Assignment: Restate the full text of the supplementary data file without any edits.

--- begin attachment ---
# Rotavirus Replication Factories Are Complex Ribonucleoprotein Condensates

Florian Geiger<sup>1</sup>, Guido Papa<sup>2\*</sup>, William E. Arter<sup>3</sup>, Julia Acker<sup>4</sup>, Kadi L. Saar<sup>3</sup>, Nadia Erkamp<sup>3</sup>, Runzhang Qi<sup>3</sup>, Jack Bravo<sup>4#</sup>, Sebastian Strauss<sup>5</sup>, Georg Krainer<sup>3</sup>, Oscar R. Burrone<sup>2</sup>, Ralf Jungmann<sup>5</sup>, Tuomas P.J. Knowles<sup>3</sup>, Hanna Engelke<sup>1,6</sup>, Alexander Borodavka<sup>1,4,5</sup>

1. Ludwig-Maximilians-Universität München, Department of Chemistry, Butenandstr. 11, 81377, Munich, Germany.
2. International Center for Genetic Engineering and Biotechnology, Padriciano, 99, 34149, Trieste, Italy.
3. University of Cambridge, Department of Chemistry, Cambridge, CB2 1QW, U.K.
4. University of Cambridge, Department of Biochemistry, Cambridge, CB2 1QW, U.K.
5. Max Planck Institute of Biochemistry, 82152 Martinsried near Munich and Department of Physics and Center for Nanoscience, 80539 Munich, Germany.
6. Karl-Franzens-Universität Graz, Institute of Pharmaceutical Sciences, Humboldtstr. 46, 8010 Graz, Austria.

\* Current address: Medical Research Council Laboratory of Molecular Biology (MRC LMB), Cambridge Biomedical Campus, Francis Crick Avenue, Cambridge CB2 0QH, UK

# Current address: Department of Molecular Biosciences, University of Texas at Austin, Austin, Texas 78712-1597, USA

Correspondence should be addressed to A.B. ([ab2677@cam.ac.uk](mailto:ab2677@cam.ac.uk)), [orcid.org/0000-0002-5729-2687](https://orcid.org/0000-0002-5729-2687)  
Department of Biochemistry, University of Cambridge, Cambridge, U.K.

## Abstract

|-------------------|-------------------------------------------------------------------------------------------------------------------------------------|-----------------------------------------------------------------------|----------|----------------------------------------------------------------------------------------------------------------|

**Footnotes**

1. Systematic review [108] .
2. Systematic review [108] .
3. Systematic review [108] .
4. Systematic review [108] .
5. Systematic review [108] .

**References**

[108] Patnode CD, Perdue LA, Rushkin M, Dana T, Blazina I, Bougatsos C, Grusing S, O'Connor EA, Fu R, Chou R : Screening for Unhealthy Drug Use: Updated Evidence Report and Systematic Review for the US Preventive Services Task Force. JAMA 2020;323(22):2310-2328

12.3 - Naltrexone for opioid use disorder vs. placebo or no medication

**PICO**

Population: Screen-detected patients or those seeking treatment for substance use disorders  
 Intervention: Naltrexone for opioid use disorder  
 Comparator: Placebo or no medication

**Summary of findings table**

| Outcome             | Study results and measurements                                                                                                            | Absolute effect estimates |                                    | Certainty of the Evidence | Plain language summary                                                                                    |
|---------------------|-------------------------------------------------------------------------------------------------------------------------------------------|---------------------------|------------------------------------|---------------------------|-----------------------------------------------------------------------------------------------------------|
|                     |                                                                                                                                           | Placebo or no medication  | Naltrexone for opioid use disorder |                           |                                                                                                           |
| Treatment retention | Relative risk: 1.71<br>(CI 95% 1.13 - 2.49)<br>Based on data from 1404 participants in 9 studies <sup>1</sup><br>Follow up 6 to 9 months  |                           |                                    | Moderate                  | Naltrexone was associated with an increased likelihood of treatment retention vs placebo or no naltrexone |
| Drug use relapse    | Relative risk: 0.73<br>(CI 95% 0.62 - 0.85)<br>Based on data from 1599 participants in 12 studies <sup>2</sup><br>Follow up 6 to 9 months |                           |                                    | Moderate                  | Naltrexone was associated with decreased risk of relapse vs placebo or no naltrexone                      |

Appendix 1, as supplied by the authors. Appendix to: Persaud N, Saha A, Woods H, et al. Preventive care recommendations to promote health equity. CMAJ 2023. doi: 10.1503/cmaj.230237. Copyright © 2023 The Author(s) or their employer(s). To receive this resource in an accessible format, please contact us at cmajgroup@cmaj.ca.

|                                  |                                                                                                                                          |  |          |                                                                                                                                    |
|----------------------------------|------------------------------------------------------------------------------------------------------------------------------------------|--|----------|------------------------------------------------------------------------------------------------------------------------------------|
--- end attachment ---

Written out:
# Rotavirus Replication Factories Are Complex Ribonucleoprotein Condensates

Florian Geiger<sup>1</sup>, Guido Papa<sup>2\*</sup>, William E. Arter<sup>3</sup>, Julia Acker<sup>4</sup>, Kadi L. Saar<sup>3</sup>, Nadia Erkamp<sup>3</sup>, Runzhang Qi<sup>3</sup>, Jack Bravo<sup>4#</sup>, Sebastian Strauss<sup>5</sup>, Georg Krainer<sup>3</sup>, Oscar R. Burrone<sup>2</sup>, Ralf Jungmann<sup>5</sup>, Tuomas P.J. Knowles<sup>3</sup>, Hanna Engelke<sup>1,6</sup>, Alexander Borodavka<sup>1,4,5</sup>

1. Ludwig-Maximilians-Universität München, Department of Chemistry, Butenandstr. 11, 81377, Munich, Germany.
2. International Center for Genetic Engineering and Biotechnology, Padriciano, 99, 34149, Trieste, Italy.
3. University of Cambridge, Department of Chemistry, Cambridge, CB2 1QW, U.K.
4. University of Cambridge, Department of Biochemistry, Cambridge, CB2 1QW, U.K.
5. Max Planck Institute of Biochemistry, 82152 Martinsried near Munich and Department of Physics and Center for Nanoscience, 80539 Munich, Germany.
6. Karl-Franzens-Universität Graz, Institute of Pharmaceutical Sciences, Humboldtstr. 46, 8010 Graz, Austria.

\* Current address: Medical Research Council Laboratory of Molecular Biology (MRC LMB), Cambridge Biomedical Campus, Francis Crick Avenue, Cambridge CB2 0QH, UK

# Current address: Department of Molecular Biosciences, University of Texas at Austin, Austin, Texas 78712-1597, USA

Correspondence should be addressed to A.B. ([ab2677@cam.ac.uk](mailto:ab2677@cam.ac.uk)), [orcid.org/0000-0002-5729-2687](https://orcid.org/0000-0002-5729-2687)  
Department of Biochemistry, University of Cambridge, Cambridge, U.K.

## Abstract

|-------------------|-------------------------------------------------------------------------------------------------------------------------------------|-----------------------------------------------------------------------|----------|----------------------------------------------------------------------------------------------------------------|

**Footnotes**

1. Systematic review [108] .
2. Systematic review [108] .
3. Systematic review [108] .
4. Systematic review [108] .
5. Systematic review [108] .

**References**

[108] Patnode CD, Perdue LA, Rushkin M, Dana T, Blazina I, Bougatsos C, Grusing S, O'Connor EA, Fu R, Chou R : Screening for Unhealthy Drug Use: Updated Evidence Report and Systematic Review for the US Preventive Services Task Force. JAMA 2020;323(22):2310-2328

12.3 - Naltrexone for opioid use disorder vs. placebo or no medication

**PICO**

Population: Screen-detected patients or those seeking treatment for substance use disorders  
 Intervention: Naltrexone for opioid use disorder  
 Comparator: Placebo or no medication

**Summary of findings table**

| Outcome             | Study results and measurements                                                                                                            | Absolute effect estimates |                                    | Certainty of the Evidence | Plain language summary                                                                                    |
|---------------------|-------------------------------------------------------------------------------------------------------------------------------------------|---------------------------|------------------------------------|---------------------------|-----------------------------------------------------------------------------------------------------------|
|                     |                                                                                                                                           | Placebo or no medication  | Naltrexone for opioid use disorder |                           |                                                                                                           |
| Treatment retention | Relative risk: 1.71<br>(CI 95% 1.13 - 2.49)<br>Based on data from 1404 participants in 9 studies <sup>1</sup><br>Follow up 6 to 9 months  |                           |                                    | Moderate                  | Naltrexone was associated with an increased likelihood of treatment retention vs placebo or no naltrexone |
| Drug use relapse    | Relative risk: 0.73<br>(CI 95% 0.62 - 0.85)<br>Based on data from 1599 participants in 12 studies <sup>2</sup><br>Follow up 6 to 9 months |                           |                                    | Moderate                  | Naltrexone was associated with decreased risk of relapse vs placebo or no naltrexone                      |

Appendix 1, as supplied by the authors. Appendix to: Persaud N, Saha A, Woods H, et al. Preventive care recommendations to promote health equity. CMAJ 2023. doi: 10.1503/cmaj.230237. Copyright © 2023 The Author(s) or their employer(s). To receive this resource in an accessible format, please contact us at cmajgroup@cmaj.ca.

|                                  |                                                                                                                                          |  |          |                                                                                                                                    |
|----------------------------------|------------------------------------------------------------------------------------------------------------------------------------------|--|----------|------------------------------------------------------------------------------------------------------------------------------------|